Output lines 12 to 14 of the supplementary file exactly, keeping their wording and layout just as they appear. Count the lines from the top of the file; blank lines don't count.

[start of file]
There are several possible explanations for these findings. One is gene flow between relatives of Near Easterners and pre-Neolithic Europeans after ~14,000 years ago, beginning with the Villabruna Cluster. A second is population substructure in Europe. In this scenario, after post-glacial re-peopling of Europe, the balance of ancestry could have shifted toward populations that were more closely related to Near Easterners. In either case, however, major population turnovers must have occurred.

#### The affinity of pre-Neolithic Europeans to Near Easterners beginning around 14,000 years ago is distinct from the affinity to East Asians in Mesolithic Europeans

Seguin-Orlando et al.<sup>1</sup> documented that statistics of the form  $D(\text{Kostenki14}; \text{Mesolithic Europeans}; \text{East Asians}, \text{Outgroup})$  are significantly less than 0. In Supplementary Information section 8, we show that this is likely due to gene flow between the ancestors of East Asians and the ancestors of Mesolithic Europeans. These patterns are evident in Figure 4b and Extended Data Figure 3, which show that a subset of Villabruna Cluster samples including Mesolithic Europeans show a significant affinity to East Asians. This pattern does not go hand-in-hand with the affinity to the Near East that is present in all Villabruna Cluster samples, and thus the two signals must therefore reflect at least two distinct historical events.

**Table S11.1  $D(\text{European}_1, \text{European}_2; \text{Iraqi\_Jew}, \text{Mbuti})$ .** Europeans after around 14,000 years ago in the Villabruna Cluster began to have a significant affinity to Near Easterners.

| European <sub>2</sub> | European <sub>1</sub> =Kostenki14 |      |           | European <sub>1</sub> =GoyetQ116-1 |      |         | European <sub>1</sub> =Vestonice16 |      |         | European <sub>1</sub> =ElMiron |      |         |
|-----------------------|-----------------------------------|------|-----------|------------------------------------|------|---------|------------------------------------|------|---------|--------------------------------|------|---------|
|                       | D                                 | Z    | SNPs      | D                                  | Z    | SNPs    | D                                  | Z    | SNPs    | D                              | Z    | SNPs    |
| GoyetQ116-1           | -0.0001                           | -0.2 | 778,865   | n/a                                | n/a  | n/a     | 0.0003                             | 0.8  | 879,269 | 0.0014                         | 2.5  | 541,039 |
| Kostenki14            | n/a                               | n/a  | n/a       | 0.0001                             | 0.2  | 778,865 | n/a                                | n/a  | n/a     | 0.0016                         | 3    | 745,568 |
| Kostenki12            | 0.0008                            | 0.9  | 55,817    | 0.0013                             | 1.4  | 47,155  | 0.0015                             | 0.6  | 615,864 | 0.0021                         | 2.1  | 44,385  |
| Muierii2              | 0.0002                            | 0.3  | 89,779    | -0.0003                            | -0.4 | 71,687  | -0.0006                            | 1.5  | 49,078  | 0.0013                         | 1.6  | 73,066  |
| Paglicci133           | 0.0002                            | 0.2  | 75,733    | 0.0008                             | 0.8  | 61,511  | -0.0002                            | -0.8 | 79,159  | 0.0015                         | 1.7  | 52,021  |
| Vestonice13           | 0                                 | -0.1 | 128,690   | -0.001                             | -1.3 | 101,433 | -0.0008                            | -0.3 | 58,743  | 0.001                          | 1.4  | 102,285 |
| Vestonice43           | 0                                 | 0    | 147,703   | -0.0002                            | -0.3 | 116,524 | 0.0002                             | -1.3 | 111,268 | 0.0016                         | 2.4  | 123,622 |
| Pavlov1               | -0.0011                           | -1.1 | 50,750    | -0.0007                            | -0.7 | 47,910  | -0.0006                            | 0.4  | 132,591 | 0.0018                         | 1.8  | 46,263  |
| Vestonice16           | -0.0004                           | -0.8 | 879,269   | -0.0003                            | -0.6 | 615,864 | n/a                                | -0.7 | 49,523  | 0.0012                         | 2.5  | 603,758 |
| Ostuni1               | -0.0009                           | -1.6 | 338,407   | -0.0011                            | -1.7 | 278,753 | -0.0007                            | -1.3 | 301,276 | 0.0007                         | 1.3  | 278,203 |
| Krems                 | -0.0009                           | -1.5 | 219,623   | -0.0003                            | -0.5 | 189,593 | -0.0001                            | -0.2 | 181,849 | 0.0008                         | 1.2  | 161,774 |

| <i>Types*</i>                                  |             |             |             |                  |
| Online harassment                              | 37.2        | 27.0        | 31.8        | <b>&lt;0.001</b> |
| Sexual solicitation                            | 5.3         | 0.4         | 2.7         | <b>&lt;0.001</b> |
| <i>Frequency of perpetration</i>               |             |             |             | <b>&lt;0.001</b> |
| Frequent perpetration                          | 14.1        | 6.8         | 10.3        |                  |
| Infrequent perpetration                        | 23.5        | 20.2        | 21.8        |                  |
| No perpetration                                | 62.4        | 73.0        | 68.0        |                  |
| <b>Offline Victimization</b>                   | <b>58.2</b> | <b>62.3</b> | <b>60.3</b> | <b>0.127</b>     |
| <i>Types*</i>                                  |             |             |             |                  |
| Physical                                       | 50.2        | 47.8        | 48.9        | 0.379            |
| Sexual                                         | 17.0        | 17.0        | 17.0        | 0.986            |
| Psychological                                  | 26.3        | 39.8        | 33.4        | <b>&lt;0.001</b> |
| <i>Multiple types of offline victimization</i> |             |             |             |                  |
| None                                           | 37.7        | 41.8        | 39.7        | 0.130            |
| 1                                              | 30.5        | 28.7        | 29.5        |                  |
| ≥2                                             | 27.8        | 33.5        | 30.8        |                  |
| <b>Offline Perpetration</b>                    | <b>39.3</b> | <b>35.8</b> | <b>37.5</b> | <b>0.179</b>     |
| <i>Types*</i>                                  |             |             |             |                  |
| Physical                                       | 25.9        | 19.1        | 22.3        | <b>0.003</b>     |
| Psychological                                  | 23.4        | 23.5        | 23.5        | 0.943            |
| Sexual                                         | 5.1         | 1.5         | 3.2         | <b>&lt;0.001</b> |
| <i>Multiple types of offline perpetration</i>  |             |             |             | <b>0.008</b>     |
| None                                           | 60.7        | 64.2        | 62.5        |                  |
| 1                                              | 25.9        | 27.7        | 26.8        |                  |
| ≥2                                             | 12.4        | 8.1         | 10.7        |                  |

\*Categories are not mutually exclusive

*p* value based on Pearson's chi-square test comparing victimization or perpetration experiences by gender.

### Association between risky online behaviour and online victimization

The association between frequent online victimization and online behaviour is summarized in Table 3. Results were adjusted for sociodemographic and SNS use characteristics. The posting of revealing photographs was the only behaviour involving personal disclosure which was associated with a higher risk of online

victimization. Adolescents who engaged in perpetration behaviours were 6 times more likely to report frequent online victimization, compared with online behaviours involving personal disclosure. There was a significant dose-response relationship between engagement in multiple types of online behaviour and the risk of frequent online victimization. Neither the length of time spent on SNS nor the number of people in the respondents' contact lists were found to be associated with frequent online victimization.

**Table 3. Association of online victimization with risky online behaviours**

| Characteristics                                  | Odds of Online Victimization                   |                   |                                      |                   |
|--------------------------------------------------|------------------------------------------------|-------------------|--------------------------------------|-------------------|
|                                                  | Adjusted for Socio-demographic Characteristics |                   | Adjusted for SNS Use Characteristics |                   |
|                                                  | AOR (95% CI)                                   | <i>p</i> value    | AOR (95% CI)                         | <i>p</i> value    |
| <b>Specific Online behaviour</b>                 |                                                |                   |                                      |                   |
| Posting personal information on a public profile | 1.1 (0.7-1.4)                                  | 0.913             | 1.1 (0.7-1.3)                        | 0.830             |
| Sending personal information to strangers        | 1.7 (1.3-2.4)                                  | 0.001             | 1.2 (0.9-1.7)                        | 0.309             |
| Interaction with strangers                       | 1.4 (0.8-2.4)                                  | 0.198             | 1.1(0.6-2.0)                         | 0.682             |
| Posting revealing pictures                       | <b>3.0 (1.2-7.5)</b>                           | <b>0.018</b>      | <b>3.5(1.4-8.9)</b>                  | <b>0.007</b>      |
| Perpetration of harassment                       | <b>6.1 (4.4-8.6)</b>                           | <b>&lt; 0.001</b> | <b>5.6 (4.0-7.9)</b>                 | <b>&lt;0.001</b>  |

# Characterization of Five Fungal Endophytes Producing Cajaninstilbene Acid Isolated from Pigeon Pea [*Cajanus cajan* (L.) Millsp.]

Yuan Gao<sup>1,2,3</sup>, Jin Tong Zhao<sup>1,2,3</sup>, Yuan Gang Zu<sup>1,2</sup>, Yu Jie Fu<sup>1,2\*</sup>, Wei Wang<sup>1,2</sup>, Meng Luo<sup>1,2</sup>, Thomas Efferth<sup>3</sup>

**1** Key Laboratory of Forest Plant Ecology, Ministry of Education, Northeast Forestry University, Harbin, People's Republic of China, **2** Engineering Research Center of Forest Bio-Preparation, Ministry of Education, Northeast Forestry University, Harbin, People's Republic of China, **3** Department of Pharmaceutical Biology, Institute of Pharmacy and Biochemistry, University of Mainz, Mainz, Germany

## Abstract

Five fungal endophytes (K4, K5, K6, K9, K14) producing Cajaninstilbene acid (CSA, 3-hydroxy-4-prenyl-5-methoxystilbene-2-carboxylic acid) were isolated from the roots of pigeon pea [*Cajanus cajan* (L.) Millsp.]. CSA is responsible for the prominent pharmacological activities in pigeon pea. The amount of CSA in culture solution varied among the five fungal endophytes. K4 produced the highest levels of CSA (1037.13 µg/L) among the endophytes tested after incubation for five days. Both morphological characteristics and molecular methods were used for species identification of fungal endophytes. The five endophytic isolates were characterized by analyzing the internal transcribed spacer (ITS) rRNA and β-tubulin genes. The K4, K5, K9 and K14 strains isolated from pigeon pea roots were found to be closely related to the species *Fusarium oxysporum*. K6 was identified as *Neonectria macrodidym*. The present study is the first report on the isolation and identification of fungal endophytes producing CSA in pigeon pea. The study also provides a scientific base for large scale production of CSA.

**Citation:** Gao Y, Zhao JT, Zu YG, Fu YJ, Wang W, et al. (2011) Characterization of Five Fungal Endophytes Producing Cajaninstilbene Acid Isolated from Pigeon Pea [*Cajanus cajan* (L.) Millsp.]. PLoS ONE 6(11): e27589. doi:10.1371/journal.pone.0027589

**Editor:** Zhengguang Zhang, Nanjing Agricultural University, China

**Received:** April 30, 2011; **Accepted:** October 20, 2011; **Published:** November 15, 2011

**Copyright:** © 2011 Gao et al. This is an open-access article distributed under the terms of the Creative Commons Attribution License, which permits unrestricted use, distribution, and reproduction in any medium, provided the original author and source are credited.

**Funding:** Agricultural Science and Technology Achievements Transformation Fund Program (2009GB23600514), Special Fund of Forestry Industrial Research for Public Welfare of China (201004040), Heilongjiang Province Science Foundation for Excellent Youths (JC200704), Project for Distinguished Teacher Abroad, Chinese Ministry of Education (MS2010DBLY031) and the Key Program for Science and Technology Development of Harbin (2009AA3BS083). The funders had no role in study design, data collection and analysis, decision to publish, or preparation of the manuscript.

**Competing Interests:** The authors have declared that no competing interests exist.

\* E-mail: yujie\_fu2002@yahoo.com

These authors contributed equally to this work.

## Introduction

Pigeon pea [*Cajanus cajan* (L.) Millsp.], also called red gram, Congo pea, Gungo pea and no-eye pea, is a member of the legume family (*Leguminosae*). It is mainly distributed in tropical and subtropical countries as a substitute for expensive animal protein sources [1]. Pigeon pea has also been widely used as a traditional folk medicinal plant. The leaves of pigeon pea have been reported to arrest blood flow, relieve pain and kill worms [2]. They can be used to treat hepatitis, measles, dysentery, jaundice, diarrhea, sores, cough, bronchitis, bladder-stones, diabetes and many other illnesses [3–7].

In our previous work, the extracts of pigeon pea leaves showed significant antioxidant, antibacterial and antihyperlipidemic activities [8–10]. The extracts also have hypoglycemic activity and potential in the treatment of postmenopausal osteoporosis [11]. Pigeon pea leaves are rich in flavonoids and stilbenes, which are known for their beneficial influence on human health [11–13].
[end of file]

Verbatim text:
| Paglicci133           | 0.0002                            | 0.2  | 75,733    | 0.0008                             | 0.8  | 61,511  | -0.0002                            | -0.8 | 79,159  | 0.0015                         | 1.7  | 52,021  |
| Vestonice13           | 0                                 | -0.1 | 128,690   | -0.001                             | -1.3 | 101,433 | -0.0008                            | -0.3 | 58,743  | 0.001                          | 1.4  | 102,285 |
| Vestonice43           | 0                                 | 0    | 147,703   | -0.0002                            | -0.3 | 116,524 | 0.0002                             | -1.3 | 111,268 | 0.0016                         | 2.4  | 123,622 |